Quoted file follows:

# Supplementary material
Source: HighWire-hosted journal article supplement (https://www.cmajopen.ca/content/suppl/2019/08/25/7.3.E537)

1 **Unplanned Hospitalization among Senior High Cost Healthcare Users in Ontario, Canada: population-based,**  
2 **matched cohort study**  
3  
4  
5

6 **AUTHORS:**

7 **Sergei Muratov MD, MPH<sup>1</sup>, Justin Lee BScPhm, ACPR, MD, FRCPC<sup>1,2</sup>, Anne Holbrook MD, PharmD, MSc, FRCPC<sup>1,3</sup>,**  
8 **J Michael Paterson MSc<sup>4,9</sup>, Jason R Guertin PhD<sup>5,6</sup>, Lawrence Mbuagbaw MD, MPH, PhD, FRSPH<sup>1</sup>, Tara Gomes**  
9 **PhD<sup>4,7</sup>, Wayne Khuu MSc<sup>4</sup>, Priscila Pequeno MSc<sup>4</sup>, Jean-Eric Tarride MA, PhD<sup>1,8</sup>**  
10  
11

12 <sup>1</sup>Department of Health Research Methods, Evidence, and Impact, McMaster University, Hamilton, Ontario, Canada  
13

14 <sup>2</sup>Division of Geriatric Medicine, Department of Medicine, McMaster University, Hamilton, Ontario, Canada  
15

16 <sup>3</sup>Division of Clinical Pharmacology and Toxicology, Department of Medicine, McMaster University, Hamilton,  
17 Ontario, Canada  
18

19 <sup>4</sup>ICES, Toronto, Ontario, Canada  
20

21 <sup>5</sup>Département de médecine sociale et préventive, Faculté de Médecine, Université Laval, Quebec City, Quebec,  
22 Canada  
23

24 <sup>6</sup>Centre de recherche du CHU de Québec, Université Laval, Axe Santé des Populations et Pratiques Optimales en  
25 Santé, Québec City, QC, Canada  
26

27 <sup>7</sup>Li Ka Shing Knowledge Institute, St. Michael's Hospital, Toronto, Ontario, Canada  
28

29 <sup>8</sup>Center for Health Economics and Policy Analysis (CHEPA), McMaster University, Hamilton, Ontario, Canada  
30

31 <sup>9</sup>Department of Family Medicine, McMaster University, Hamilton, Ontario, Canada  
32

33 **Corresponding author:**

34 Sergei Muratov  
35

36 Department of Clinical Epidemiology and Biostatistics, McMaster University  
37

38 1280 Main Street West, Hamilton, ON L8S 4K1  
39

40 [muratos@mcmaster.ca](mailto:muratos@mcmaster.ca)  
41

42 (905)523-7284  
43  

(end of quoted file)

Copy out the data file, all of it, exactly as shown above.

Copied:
# Supplementary material
Source: HighWire-hosted journal article supplement (https://www.cmajopen.ca/content/suppl/2019/08/25/7.3.E537)

1 **Unplanned Hospitalization among Senior High Cost Healthcare Users in Ontario, Canada: population-based,**  
2 **matched cohort study**  
3  
4  
5

6 **AUTHORS:**

7 **Sergei Muratov MD, MPH<sup>1</sup>, Justin Lee BScPhm, ACPR, MD, FRCPC<sup>1,2</sup>, Anne Holbrook MD, PharmD, MSc, FRCPC<sup>1,3</sup>,**  
8 **J Michael Paterson MSc<sup>4,9</sup>, Jason R Guertin PhD<sup>5,6</sup>, Lawrence Mbuagbaw MD, MPH, PhD, FRSPH<sup>1</sup>, Tara Gomes**  
9 **PhD<sup>4,7</sup>, Wayne Khuu MSc<sup>4</sup>, Priscila Pequeno MSc<sup>4</sup>, Jean-Eric Tarride MA, PhD<sup>1,8</sup>**  
10  
11

12 <sup>1</sup>Department of Health Research Methods, Evidence, and Impact, McMaster University, Hamilton, Ontario, Canada  
13

14 <sup>2</sup>Division of Geriatric Medicine, Department of Medicine, McMaster University, Hamilton, Ontario, Canada  
15

16 <sup>3</sup>Division of Clinical Pharmacology and Toxicology, Department of Medicine, McMaster University, Hamilton,  
17 Ontario, Canada  
18

19 <sup>4</sup>ICES, Toronto, Ontario, Canada  
20

21 <sup>5</sup>Département de médecine sociale et préventive, Faculté de Médecine, Université Laval, Quebec City, Quebec,  
22 Canada  
23

24 <sup>6</sup>Centre de recherche du CHU de Québec, Université Laval, Axe Santé des Populations et Pratiques Optimales en  
25 Santé, Québec City, QC, Canada  
26

27 <sup>7</sup>Li Ka Shing Knowledge Institute, St. Michael's Hospital, Toronto, Ontario, Canada  
28

29 <sup>8</sup>Center for Health Economics and Policy Analysis (CHEPA), McMaster University, Hamilton, Ontario, Canada  
30

31 <sup>9</sup>Department of Family Medicine, McMaster University, Hamilton, Ontario, Canada  
32

33 **Corresponding author:**

34 Sergei Muratov  
35

36 Department of Clinical Epidemiology and Biostatistics, McMaster University  
37

38 1280 Main Street West, Hamilton, ON L8S 4K1  
39

40 [muratos@mcmaster.ca](mailto:muratos@mcmaster.ca)  
41

42 (905)523-7284  
43  